For those who’ve always loved Electric Six’s funkier side, a take on Talking Heads’ ‘Slippery People’ taps into a decent groove where the best bits seem like an obvious throwback to the classic ‘Fire’ debut, and Valentine’s careening voice is able to latch onto David Byrne’s stranger inflections without ever sounding forced. A couple more of these funky jams might have made the album more interesting overall, but then again, this might not have sounded quite so good if up against too much similar competition. In another curveball, James Ingram & Michael McDonald’s ‘Yah Mo B There’ gets dusted down for a new audience and although never as bad as the Fleetwood cover, it’s light and soulful subtleties aren’t exactly the best match for a band for whom “nuance” seems to have no meaning, but somehow it just about survives despite another cheap-ish sounding musical arrangement. If nothing else, it shows that Valentine does have a resonable voice and more of a range when he really tries, but then again, woudn’t want Electric Six to sound this light and slick very often…despite carrying off a range of styles, they really are at their strongest when chugging through riffs at full pelt. Another interesting pick, Love’s ‘The People Would Be The Times or Between Clark & Hilldale’ recreates the original’s busy Tijuana tinged sounds perfectly with an excellent acoustic guitar part, some wheezing brass and busy percussive rhythm. E6 put there own stamp on it via a more aggressive electric guitar groove, which sounds harder without being intrusive and Dick sounds like he’s relishing every second spent filling the great Arthur Lee’s shoes.
Perhaps more than everything else on this album, ‘Click Your Fingers Applauding The Play’ (originally by Roky Erikson) sounds like a bona fide Electric Six original with its combo of choppy guitars and pseudo disco beats, to the point where – production values aside – you could slot it into the ‘Fire’ or ‘Senor Smoke’ albums and it really wouldn’t feel out of place. It sounds so much like an old E6 number that, in some ways, there’s little more to be said, except that older fans will certainly enjoy this with the volume cranked. In between the surprising and varied choices, you’ll also find something of an old faithful when The Jam’s ‘That’s Entertainment’ raises its over familiar head along the way. Beloved of a thousand buskers in the 90s, it has the feel of something that’s indistructible, but as Morrissey proved, it isn’t entirely bomb-proof. Electric Six’s recording is solid without being special; Valentine’s louder vocal gets enough mileage from each syllable and, as a result, the most famous song to feature no rhyming couplets whatsoever might just reach a couple of new ears Stateside. If that’s the case, its inclusion here will have been worth it, but this will never replace the original – or even The Wonder Stuff’s great cover – in your affections.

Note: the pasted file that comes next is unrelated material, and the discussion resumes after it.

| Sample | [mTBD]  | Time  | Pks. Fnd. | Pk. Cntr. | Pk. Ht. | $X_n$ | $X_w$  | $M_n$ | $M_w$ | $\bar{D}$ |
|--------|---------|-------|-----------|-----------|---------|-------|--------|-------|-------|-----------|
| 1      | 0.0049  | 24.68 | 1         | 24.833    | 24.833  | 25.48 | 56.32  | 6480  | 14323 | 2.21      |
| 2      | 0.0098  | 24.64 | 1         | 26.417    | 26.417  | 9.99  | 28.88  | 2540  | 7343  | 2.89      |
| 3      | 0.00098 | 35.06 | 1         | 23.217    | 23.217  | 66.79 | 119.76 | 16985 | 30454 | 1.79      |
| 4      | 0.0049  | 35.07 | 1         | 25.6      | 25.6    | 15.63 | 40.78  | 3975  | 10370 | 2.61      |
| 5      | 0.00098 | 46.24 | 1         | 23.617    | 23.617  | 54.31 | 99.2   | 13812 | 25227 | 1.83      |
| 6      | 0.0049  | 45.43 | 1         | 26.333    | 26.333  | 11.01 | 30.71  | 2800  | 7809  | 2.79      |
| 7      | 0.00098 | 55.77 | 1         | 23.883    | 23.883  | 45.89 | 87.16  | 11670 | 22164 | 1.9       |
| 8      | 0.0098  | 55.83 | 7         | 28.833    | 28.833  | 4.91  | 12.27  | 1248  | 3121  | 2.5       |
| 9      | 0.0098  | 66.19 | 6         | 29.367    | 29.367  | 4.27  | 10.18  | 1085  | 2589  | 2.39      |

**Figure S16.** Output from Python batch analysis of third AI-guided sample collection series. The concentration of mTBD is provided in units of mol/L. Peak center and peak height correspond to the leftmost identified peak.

Pulling off a decent covers album seems easy, but it’s a tricky business to get right. Play everything too straight and you’re accused of phoning in a contractual filler; pick too many obscurities and go the arty route and you risk alienating that part of the audience who expect a covers album to be fun. Despite half of it sounding as it were recorded on a shoestring budget, ‘Streets of Gold’ is one of those covers albums that mostly works. There are a couple of potential car crashes, but the bulk of the material suits the Electric Six hybrid rock-disco-funk mechanics well enough, and in the case of the Love track especially, it shows how they have a knack for taking something completely out of time and making it bristle with life. If you never liked Electric Six before, there might not be anything here to convince you any of this was a good idea, but those willing to go in with an open ear and an open mind will certainly experience a few old favourites in a whole new way, for better or worse.